I think developers need to code sensibly in awareness that remote calls are different from local calls: simply making it harder to make remote calls doesn't help.

    Chapter 4 is available elsewhere on TSS.

    I had a look at EOB a couple of months ago and I think it's a very legitimate project. If an alternative ever gets to critical mass and impacts EJB, I don't see that as a problem, because that could only happen if it offered something of value, which hopefully Sun would have to take note of. I think it's good to see an open source project innovating. (Or at least introducing ideas found in other platforms.)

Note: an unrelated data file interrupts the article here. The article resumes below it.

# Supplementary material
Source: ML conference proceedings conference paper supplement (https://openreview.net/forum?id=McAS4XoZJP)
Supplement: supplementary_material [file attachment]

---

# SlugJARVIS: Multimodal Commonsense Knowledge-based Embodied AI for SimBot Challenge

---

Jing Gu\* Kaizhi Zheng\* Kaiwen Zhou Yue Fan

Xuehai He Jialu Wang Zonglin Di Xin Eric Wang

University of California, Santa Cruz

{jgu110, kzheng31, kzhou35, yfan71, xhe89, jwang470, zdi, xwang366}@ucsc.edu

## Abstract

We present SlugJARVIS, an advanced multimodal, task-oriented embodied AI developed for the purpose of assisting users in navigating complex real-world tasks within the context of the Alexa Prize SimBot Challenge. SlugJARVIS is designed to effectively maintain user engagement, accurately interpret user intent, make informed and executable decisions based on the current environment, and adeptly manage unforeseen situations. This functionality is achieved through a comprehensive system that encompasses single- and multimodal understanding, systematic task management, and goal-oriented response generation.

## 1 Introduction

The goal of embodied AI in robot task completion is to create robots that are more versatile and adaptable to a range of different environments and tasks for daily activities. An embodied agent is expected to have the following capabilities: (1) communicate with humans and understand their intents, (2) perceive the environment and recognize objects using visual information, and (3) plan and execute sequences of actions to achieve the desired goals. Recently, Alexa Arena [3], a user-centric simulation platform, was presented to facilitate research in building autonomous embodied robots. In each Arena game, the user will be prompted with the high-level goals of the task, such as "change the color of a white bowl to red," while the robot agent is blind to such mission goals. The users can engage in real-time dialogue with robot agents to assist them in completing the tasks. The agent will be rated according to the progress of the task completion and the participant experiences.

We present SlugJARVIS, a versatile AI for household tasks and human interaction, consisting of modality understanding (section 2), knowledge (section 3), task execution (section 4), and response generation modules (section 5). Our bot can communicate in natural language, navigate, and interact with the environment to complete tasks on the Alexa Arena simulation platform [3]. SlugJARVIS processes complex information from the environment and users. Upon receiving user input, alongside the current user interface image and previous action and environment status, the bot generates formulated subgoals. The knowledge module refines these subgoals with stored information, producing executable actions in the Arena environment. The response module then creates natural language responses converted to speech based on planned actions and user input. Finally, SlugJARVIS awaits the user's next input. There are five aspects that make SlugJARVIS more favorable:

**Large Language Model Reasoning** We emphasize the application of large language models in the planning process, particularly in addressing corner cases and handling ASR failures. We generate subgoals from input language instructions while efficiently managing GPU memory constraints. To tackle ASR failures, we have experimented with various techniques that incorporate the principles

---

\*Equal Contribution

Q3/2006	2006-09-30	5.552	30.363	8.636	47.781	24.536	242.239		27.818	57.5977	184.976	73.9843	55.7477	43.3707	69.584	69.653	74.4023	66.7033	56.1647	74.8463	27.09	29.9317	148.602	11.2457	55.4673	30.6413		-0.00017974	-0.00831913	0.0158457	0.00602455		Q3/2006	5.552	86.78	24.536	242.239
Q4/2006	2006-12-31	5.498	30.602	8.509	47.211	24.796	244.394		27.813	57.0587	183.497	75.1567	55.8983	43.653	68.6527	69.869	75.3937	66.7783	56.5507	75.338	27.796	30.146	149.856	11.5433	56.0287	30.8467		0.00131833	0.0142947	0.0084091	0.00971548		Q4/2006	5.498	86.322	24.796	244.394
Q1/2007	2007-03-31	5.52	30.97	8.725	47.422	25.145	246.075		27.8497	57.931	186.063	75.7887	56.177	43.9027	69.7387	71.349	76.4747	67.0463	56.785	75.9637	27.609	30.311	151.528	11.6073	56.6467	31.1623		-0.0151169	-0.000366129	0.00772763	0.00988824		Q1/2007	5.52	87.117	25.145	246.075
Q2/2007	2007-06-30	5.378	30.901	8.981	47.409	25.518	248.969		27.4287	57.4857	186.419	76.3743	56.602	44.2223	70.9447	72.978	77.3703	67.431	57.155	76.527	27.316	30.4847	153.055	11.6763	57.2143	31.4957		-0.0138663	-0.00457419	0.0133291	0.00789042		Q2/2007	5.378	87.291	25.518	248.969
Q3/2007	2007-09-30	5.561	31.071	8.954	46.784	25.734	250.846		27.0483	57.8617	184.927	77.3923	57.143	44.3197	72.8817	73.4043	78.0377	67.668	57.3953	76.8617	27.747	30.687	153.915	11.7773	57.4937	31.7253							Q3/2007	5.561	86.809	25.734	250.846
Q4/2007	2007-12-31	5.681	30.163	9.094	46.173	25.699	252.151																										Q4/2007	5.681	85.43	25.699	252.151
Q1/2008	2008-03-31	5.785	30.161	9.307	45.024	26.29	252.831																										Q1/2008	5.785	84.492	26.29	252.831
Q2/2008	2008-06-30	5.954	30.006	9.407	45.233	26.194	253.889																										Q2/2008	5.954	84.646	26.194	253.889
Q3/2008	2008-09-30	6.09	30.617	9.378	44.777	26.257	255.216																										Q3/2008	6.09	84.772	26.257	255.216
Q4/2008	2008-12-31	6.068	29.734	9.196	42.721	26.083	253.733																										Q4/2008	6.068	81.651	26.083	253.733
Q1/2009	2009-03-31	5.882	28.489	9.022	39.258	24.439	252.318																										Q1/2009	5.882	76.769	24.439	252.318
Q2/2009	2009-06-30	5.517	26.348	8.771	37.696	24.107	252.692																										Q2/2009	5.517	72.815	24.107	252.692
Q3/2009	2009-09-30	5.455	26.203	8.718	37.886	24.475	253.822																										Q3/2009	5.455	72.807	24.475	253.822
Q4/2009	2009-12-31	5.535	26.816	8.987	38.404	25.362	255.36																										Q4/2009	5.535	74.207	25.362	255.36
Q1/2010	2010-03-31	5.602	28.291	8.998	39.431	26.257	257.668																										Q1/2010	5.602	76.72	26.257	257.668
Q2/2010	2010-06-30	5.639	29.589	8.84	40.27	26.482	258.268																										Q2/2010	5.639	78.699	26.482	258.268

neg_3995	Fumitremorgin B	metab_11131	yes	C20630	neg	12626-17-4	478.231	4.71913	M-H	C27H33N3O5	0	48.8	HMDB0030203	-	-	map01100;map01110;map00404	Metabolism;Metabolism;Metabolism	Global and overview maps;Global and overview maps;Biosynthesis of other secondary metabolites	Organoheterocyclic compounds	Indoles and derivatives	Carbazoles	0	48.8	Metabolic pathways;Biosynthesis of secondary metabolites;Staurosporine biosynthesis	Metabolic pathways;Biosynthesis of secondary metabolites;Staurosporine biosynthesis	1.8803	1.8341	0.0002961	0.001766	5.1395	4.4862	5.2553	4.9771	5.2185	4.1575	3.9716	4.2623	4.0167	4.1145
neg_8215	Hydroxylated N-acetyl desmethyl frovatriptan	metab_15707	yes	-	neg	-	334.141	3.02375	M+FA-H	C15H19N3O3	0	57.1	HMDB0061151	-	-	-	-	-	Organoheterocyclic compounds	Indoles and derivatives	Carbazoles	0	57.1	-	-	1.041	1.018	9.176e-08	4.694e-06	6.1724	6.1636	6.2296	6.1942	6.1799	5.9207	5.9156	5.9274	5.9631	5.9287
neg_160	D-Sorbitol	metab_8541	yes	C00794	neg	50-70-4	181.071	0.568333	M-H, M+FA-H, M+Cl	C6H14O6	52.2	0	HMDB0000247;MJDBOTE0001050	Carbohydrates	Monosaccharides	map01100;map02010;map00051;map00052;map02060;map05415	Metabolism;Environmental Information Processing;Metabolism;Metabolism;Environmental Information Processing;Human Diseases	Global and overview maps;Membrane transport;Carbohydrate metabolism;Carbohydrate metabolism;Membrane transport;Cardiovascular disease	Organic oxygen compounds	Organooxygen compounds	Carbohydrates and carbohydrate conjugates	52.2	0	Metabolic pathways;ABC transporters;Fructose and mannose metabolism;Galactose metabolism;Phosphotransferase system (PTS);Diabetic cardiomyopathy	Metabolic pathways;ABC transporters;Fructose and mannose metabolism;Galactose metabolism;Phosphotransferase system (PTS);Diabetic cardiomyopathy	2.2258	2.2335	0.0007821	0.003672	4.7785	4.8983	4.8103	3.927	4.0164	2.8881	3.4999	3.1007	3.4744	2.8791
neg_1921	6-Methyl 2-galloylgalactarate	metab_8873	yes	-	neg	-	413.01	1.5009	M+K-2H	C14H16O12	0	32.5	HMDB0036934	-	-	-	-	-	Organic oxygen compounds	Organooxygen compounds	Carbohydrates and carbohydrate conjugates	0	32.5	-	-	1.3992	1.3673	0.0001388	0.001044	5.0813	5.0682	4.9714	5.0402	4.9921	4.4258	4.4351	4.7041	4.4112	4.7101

Regards,
    Rod
  28. checked vs unchecked[ Go to top ]

    <rod>
    I think developers need to code sensibly in awareness that remote calls are different from local calls: simply making it harder to make remote calls doesn't help.
    </rod>

    Regardless of the checked/unchecked exception discussion, I think this is the most important point of the whole discussion, and I'm glad to see we agree on this, so let me repeat it:

    Developers need to know when a call is remote and when it is local.

    There are various ways to enable this practice (checked remote exceptions being one of them), and none of them is perfect.

    I guess what makes me sad is that EOB is a promising project, if it wasn't for

    - The arrogance.
    - Forgetting lessons learned from the past.

    --
    Cedric
    http://beust.com/weblog
  29. checked vs unchecked[ Go to top ]

    Ced: Developers need to know when a call is remote and when it is local.